New research keeps on finding that every degree, or even half degree, of increased warming makes a really big difference in impacts: in the case of the study described here, on plants, vertebrates, and especially insects.

Climate Change on Track to Cause Major Insect Wipeout, Scientists Warn
Damian Carrington, The Guardian, May 2018
You may not love insects, but they are really, really important to functioning ecosystems. They are also at high risk from climate change, much more so for greater than for lesser temperature rises. Here's a good, quick introduction to this issue.

Climate Change is Making it Harder to Revive Damaged Land
Maya L. Kapoor, High Country News, June 2018
With changing seasons, temperatures, and moisture patterns, it doesn't make sense any more to try to return damaged places to their former condition. Instead, ecologists are thinking about how to preserve maximum biodiversity and ecosystem functions, even if doing so might mean moving plants and even using non-natives in restoration projects. This is a good introduction to this new set of challenges.

Climate Change and Biodiversity: Bookshelf
Michael Svoboda, Yale Climate Connections, October 2017
About once a month, Michael Svoboda posts a "bookshelf" focused on some aspect of climate, with photos of the book covers and descriptive text drawn from their publishers' text. While these books tend towards the academic, just scanning the descriptions isn't a bad way to get a sense of what research and thinking is going on about what topics. Two lists on this subject of biodiversity do provide such a glimpse‒of 12 books and 11 reports by agencies, NGOs, and research centers.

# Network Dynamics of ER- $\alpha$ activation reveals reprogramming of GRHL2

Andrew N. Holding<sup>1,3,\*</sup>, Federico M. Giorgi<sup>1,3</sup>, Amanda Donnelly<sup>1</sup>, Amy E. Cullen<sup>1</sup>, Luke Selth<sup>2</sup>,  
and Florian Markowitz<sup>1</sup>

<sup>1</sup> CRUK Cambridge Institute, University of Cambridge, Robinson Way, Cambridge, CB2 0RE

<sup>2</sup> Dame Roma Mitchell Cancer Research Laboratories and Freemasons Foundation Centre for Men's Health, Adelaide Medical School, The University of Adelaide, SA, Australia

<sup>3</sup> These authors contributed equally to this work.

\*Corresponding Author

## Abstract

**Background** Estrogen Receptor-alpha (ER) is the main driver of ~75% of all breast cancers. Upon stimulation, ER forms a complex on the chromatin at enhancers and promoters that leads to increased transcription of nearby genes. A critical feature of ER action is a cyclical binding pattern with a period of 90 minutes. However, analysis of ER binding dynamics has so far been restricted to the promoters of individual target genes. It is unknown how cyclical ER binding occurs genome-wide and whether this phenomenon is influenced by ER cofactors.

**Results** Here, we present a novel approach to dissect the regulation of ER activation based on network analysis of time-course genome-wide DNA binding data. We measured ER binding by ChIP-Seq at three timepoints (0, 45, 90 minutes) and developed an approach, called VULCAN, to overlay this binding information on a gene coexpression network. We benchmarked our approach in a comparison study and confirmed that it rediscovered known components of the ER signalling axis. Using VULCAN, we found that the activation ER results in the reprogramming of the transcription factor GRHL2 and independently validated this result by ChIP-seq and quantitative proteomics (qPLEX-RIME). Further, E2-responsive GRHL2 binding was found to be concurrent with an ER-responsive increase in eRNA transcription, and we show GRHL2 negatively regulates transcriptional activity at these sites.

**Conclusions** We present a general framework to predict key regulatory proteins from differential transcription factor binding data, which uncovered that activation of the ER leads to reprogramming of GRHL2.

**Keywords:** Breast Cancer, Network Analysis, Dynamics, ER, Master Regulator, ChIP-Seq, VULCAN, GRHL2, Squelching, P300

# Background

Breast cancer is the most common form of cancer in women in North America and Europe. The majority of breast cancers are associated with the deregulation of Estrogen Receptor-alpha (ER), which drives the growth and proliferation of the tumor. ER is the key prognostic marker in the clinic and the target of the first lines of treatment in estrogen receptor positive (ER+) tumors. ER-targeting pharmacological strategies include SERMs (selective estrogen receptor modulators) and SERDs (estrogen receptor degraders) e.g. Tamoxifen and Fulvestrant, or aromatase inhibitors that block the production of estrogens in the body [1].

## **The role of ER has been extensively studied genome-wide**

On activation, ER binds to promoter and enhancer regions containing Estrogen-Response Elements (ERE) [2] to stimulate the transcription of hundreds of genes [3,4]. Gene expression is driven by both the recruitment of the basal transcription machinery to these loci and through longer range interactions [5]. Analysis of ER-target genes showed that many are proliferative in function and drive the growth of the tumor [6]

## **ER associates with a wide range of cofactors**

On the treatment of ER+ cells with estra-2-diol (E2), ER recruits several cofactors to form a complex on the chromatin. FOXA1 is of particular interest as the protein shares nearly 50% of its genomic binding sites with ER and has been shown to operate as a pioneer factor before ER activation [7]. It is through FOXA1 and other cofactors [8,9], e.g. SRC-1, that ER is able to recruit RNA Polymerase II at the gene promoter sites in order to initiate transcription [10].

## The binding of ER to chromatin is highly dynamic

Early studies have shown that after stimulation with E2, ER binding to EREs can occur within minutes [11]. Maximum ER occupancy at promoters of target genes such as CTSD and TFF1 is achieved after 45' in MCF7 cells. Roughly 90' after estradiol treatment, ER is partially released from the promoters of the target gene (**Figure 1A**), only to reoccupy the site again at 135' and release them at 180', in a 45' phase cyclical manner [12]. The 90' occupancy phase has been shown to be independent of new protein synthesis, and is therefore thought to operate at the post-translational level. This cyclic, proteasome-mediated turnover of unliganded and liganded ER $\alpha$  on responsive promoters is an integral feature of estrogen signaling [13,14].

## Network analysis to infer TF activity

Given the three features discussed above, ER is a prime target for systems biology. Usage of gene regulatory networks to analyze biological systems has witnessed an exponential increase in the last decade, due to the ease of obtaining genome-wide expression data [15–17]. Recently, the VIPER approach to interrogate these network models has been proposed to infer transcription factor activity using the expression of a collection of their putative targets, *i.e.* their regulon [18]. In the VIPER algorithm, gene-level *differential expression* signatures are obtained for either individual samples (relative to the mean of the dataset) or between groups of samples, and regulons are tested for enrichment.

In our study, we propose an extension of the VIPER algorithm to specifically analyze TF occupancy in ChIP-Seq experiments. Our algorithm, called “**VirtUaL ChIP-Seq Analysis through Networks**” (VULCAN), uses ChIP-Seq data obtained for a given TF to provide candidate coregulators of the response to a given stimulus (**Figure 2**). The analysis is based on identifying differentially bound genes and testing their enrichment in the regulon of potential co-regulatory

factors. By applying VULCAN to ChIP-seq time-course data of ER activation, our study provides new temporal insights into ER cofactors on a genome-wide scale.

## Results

5 Plants and Animals Utterly Confused by Climate Change
Livia Albeck-Ripka and Brad Plumer, New York Times, April 2018
This very short piece offers five quick examples of ways the natural world is messing with the timing and thus success of some very old natural processes‒when bees pollinate flowers, caterpillars nourish birds, birds lay eggs in farm fields, baby caribou find good food, and snowshoe hares can hide from predators. Many such stories are beginning to emerge, each one particular to place, species, and processes, but seen as a whole, they draw a troubling picture of the kinds of natural disturbances we will be seeing.

Climate Change Impacting 'Most' Species on Earth, Even Down to Their Genomes
Jeremy Hance, The Guardian, April 2017
Addressing three recent studies about how widely climate change is already affecting life on earth (including through local and global extinctions of both species and ecosystems), this very good piece will bring you up to speed on this topic. Here is Hance's first sentence: "Climate change is rapidly becoming a crisis that defies hyperbole." And near the end: "Does all this imply nothing can be done? Of course not." Between are plenty of specific, vivid examples.

Climate-driven Species on the Move Are Changing (Almost) Everything
Gretta Petl, Adriana Vergés, Ekaterina Popova, Jan McDonald, The Conversation, April 2017
This very readable entry on the excellent blog "The Conversation" ("Academic rigor, journalistic flair") describes the contents and implications of an article published in the (firewalled) journal Science (one of the three studies included in the previous entry). Focusing on how so many species are moving and how those movements change ecosystems, including those that support human life, it is informative, sobering, and rich with links to scientific studies.